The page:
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January 24, 2016

Thinking of Maria Tallchief on Her Birthday


"I'm very proud of my Indian heritage. I think it is an innate quality that Indians have to dance. They dance when they are happy, they dance when they are sad. They dance when they get married, they dance when someone dies." 

—Maria Tallchief


Today we celebrate the birthday of Maria Tallchief (Osage, 1925–2013), one of America’s greatest ballerinas, and—with Rosella Hightower (Choctaw, 1920–2008), Yvonne Chouteau (Shawnee and Cherokee, b. 1929), Moscelyne Larkin (Shawnee–Peoria, 1925–2012), and her sister, Marjorie Tallchief (Osage, b. 1926)—a member of a remarkable generation of Oklahoma-born Native American ballet dancers.

Maria Tallchief and Erik Bruhn
Maria Tallchief and Eric Bruhn, Dance Magazine, July 1961

Critics who saw Maria Tallchief dance praised her grace, energy, strength, and musicality. Dance historians describe her as a bridge between Old World traditions and a new, American ballet. Certainly Tallchief saw herself as an American artist: “A ballerina takes steps given to her and makes them her own," she is quoted as saying."Each individual brings something different to the same role. As an American, I believe in great individualism. That's the way I was brought up."

Elizabeth Marie Tall Chief was born to a wealthy family in Fairfax, Oklahoma, on the Osage Indian Reservation. She studied piano and dance in Fairfax (the dance teacher came weekly from Tulsa) and in Colorado Springs, where her family spent the summer, then Los Angeles, where they moved in 1933. Her mother hoped she would be a concert musician, but she fell in love with ballet. In 1942, she went to New York and was accepted by the Ballet Russe de Monte Carlo. (She refused the director's suggestion that she change her name to the Russian-sounding Tallchieva, but she did use the simpler Maria Tallchief.)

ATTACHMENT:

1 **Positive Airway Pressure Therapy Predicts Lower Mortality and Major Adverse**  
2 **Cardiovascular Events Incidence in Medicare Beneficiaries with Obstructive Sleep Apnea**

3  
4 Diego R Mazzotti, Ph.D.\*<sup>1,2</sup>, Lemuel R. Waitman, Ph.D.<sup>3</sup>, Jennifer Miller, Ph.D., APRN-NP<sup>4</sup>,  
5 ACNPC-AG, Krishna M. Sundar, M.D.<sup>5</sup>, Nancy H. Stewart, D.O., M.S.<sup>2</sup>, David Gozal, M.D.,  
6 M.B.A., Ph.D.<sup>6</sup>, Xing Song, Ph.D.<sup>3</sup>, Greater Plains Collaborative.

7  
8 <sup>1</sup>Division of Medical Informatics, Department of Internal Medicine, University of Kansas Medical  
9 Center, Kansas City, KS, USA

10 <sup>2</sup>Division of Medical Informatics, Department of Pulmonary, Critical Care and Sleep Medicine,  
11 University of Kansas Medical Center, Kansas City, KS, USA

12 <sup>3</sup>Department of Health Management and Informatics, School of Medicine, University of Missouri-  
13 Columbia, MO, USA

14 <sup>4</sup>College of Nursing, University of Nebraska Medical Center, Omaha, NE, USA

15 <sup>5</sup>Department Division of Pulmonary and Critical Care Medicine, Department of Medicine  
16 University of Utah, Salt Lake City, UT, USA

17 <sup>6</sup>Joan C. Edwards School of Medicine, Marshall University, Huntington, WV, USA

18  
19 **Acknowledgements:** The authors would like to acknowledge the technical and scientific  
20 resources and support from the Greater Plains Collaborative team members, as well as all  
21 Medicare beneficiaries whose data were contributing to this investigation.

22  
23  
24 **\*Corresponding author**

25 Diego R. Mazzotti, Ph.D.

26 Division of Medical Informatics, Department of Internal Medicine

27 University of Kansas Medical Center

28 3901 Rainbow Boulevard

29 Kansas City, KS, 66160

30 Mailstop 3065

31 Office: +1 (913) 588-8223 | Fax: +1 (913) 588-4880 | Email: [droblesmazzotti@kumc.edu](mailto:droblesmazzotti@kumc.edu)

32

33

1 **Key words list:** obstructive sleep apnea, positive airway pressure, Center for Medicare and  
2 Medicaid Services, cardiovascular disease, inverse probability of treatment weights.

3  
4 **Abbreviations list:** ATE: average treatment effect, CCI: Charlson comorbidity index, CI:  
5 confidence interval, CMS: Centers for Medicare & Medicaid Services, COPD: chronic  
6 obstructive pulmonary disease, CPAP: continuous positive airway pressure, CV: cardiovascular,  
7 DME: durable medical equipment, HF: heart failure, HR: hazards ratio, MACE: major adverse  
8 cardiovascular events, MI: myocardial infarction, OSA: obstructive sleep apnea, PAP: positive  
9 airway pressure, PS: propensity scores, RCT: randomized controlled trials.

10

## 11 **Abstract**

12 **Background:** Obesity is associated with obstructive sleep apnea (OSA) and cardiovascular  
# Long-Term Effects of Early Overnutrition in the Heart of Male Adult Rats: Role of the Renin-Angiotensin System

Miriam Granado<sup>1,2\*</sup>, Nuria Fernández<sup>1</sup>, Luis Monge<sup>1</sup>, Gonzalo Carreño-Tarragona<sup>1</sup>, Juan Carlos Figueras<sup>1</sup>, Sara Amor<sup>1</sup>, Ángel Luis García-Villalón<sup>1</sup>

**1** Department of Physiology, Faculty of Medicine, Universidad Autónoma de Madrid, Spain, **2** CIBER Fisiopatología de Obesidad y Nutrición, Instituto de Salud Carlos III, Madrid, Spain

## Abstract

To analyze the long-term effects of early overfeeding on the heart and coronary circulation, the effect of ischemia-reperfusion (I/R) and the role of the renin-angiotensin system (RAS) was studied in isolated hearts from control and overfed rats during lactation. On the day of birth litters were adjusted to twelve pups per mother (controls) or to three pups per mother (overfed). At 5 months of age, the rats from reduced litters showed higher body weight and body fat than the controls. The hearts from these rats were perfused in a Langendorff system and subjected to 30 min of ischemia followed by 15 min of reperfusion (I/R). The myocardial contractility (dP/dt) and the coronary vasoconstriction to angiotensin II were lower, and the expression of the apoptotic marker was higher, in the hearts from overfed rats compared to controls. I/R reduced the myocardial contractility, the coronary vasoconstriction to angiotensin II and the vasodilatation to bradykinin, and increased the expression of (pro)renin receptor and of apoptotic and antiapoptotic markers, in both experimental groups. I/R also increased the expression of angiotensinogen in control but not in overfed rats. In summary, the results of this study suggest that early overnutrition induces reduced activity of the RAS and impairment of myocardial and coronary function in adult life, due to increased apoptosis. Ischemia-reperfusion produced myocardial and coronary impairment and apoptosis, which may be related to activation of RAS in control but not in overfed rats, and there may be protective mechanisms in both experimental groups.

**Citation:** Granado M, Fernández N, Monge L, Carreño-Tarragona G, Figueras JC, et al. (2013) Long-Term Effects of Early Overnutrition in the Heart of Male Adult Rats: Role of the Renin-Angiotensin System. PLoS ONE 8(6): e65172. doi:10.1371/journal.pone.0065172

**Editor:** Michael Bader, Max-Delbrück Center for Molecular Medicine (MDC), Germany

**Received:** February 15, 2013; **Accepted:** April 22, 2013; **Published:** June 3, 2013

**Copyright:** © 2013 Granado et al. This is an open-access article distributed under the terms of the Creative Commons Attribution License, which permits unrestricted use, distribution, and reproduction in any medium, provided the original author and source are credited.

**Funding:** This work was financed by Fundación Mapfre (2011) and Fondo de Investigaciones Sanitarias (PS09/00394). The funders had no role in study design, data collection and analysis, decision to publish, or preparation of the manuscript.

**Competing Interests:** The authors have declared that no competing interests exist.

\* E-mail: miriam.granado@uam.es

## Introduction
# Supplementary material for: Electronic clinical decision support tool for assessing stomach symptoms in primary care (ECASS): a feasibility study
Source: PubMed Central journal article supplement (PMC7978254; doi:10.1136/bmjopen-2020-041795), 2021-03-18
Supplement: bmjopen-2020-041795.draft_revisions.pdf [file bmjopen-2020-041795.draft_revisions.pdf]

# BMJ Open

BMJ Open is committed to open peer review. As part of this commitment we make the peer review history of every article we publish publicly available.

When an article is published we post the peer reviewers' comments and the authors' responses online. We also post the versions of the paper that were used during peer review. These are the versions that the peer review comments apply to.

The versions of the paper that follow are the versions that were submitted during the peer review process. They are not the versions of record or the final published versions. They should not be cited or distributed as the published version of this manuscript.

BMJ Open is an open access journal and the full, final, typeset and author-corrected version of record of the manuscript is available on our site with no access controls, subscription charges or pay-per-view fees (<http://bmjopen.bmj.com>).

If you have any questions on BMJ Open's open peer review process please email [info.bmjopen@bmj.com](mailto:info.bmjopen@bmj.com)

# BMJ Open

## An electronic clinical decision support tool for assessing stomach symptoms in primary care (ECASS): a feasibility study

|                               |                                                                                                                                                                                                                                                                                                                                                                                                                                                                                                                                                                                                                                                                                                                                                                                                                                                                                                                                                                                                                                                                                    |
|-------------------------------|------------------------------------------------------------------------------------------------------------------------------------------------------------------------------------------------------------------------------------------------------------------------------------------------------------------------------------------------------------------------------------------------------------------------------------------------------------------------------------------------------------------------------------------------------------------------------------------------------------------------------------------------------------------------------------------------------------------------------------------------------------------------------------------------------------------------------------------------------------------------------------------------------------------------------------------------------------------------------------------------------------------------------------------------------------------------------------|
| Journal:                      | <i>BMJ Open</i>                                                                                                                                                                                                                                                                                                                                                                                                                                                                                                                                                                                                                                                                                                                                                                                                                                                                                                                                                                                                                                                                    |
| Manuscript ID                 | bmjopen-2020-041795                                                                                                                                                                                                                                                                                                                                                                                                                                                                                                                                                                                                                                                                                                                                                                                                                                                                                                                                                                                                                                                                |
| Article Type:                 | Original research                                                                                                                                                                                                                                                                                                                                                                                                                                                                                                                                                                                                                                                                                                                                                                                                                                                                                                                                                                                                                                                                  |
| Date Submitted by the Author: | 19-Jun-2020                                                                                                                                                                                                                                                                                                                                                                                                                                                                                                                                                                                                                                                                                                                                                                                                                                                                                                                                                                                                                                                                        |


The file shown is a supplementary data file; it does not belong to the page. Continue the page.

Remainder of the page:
When George Ballanchine became the choreographer of the Ballet Russe in 1944, her artistic course was set. She became Ballanchine’s student—relearning the most basic elements of ballet in the classical Russian style—and his muse. "I always thought Balanchine was more of a musician even than a choreographer,” she later wrote, “and perhaps that’s why he and I connected."

Maria Tallchief—Eurydice
Maria Tallchief as Eurydice in Balanchine’s Orpheus, c. 1948. The estate of George Platt Lynes/The George Balanchine Trust/New York City Ballet Archives

In 1947, Tallchief joined the American Ballet, soon to become the New York City Ballet, under Ballanchine's artistic direction. There she helped Ballanchine achieve his vision of the City Ballet as one of the great ballet companies in the world.

Tallchief also performed with other companies in the United States and abroad. In 1962, with the American Ballet Theatre, she became the first American to dance at the Bolshoi Theatre in Moscow. After she retired, Tallchief became director of ballet and founder of the ballet school of the Lyric Opera of Chicago and, with her sister, Marjorie, founder of the Chicago City Ballet. In 1999, Maria Tallchief received the National Medal of Arts, the highest award given to artists and arts patrons by the U.S. government


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